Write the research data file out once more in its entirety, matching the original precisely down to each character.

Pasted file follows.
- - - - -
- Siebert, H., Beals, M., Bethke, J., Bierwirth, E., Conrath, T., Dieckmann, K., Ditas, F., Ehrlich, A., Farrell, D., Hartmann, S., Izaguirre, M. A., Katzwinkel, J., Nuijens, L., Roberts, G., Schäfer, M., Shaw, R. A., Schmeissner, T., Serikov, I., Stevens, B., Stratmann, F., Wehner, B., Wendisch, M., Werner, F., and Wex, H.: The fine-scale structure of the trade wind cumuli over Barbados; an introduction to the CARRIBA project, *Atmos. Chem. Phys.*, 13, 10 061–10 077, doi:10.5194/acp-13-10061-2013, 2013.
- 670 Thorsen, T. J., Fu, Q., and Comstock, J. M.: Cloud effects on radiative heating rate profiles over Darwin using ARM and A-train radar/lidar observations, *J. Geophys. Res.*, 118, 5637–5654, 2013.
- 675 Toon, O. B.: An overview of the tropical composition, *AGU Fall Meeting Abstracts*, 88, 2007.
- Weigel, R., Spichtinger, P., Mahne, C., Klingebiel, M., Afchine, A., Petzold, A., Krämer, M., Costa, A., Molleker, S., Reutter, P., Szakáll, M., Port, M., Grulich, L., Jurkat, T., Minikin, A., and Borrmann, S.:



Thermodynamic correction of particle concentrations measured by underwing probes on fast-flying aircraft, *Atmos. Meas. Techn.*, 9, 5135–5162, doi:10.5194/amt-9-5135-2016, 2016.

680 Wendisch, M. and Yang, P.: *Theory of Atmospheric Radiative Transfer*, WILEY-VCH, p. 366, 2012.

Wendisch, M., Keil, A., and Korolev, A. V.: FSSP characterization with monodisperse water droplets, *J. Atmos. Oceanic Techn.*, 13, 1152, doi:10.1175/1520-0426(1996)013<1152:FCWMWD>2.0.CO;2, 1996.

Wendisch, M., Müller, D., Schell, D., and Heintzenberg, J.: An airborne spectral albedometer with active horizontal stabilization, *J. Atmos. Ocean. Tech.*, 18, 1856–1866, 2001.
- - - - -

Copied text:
- Siebert, H., Beals, M., Bethke, J., Bierwirth, E., Conrath, T., Dieckmann, K., Ditas, F., Ehrlich, A., Farrell, D., Hartmann, S., Izaguirre, M. A., Katzwinkel, J., Nuijens, L., Roberts, G., Schäfer, M., Shaw, R. A., Schmeissner, T., Serikov, I., Stevens, B., Stratmann, F., Wehner, B., Wendisch, M., Werner, F., and Wex, H.: The fine-scale structure of the trade wind cumuli over Barbados; an introduction to the CARRIBA project, *Atmos. Chem. Phys.*, 13, 10 061–10 077, doi:10.5194/acp-13-10061-2013, 2013.
- 670 Thorsen, T. J., Fu, Q., and Comstock, J. M.: Cloud effects on radiative heating rate profiles over Darwin using ARM and A-train radar/lidar observations, *J. Geophys. Res.*, 118, 5637–5654, 2013.
- 675 Toon, O. B.: An overview of the tropical composition, *AGU Fall Meeting Abstracts*, 88, 2007.
- Weigel, R., Spichtinger, P., Mahne, C., Klingebiel, M., Afchine, A., Petzold, A., Krämer, M., Costa, A., Molleker, S., Reutter, P., Szakáll, M., Port, M., Grulich, L., Jurkat, T., Minikin, A., and Borrmann, S.:



Thermodynamic correction of particle concentrations measured by underwing probes on fast-flying aircraft, *Atmos. Meas. Techn.*, 9, 5135–5162, doi:10.5194/amt-9-5135-2016, 2016.

680 Wendisch, M. and Yang, P.: *Theory of Atmospheric Radiative Transfer*, WILEY-VCH, p. 366, 2012.

Wendisch, M., Keil, A., and Korolev, A. V.: FSSP characterization with monodisperse water droplets, *J. Atmos. Oceanic Techn.*, 13, 1152, doi:10.1175/1520-0426(1996)013<1152:FCWMWD>2.0.CO;2, 1996.

Wendisch, M., Müller, D., Schell, D., and Heintzenberg, J.: An airborne spectral albedometer with active horizontal stabilization, *J. Atmos. Ocean. Tech.*, 18, 1856–1866, 2001.